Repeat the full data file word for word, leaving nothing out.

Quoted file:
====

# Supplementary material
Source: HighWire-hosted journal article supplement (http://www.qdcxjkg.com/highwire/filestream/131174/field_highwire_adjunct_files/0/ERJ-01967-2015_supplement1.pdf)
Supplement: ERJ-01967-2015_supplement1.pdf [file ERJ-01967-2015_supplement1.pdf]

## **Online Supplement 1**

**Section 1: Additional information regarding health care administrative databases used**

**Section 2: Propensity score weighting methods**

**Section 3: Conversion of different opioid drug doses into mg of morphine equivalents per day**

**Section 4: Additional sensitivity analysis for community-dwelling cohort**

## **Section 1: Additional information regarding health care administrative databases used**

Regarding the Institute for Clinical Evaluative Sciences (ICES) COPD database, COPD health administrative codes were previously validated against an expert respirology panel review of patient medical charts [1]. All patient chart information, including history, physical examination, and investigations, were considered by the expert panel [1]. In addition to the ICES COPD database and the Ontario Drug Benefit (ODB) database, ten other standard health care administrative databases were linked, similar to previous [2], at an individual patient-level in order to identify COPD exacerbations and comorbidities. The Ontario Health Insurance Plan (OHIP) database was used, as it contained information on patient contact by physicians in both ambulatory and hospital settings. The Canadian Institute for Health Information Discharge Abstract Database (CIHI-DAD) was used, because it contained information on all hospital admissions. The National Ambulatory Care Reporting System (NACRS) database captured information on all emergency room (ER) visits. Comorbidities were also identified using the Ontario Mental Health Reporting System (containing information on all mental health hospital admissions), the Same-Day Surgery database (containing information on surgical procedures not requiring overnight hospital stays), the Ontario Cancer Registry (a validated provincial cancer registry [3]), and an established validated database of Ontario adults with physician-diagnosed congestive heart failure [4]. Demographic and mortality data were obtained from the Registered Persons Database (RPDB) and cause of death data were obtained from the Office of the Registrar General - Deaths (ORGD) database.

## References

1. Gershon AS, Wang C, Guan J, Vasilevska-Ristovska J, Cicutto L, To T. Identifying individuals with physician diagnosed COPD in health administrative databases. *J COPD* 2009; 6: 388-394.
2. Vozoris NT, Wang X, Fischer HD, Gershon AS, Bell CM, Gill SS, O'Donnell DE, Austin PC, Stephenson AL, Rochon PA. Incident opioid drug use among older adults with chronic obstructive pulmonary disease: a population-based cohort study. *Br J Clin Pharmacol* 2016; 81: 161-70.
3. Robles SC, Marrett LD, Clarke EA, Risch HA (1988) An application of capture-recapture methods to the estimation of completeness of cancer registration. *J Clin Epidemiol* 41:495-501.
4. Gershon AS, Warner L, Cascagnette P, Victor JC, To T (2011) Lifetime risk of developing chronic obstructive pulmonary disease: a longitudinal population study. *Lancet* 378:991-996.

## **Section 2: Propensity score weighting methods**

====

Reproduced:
# Supplementary material
Source: HighWire-hosted journal article supplement (http://www.qdcxjkg.com/highwire/filestream/131174/field_highwire_adjunct_files/0/ERJ-01967-2015_supplement1.pdf)
Supplement: ERJ-01967-2015_supplement1.pdf [file ERJ-01967-2015_supplement1.pdf]

## **Online Supplement 1**

**Section 1: Additional information regarding health care administrative databases used**

**Section 2: Propensity score weighting methods**

**Section 3: Conversion of different opioid drug doses into mg of morphine equivalents per day**

**Section 4: Additional sensitivity analysis for community-dwelling cohort**

## **Section 1: Additional information regarding health care administrative databases used**

Regarding the Institute for Clinical Evaluative Sciences (ICES) COPD database, COPD health administrative codes were previously validated against an expert respirology panel review of patient medical charts [1]. All patient chart information, including history, physical examination, and investigations, were considered by the expert panel [1]. In addition to the ICES COPD database and the Ontario Drug Benefit (ODB) database, ten other standard health care administrative databases were linked, similar to previous [2], at an individual patient-level in order to identify COPD exacerbations and comorbidities. The Ontario Health Insurance Plan (OHIP) database was used, as it contained information on patient contact by physicians in both ambulatory and hospital settings. The Canadian Institute for Health Information Discharge Abstract Database (CIHI-DAD) was used, because it contained information on all hospital admissions. The National Ambulatory Care Reporting System (NACRS) database captured information on all emergency room (ER) visits. Comorbidities were also identified using the Ontario Mental Health Reporting System (containing information on all mental health hospital admissions), the Same-Day Surgery database (containing information on surgical procedures not requiring overnight hospital stays), the Ontario Cancer Registry (a validated provincial cancer registry [3]), and an established validated database of Ontario adults with physician-diagnosed congestive heart failure [4]. Demographic and mortality data were obtained from the Registered Persons Database (RPDB) and cause of death data were obtained from the Office of the Registrar General - Deaths (ORGD) database.

## References

1. Gershon AS, Wang C, Guan J, Vasilevska-Ristovska J, Cicutto L, To T. Identifying individuals with physician diagnosed COPD in health administrative databases. *J COPD* 2009; 6: 388-394.
2. Vozoris NT, Wang X, Fischer HD, Gershon AS, Bell CM, Gill SS, O'Donnell DE, Austin PC, Stephenson AL, Rochon PA. Incident opioid drug use among older adults with chronic obstructive pulmonary disease: a population-based cohort study. *Br J Clin Pharmacol* 2016; 81: 161-70.
3. Robles SC, Marrett LD, Clarke EA, Risch HA (1988) An application of capture-recapture methods to the estimation of completeness of cancer registration. *J Clin Epidemiol* 41:495-501.
4. Gershon AS, Warner L, Cascagnette P, Victor JC, To T (2011) Lifetime risk of developing chronic obstructive pulmonary disease: a longitudinal population study. *Lancet* 378:991-996.

## **Section 2: Propensity score weighting methods**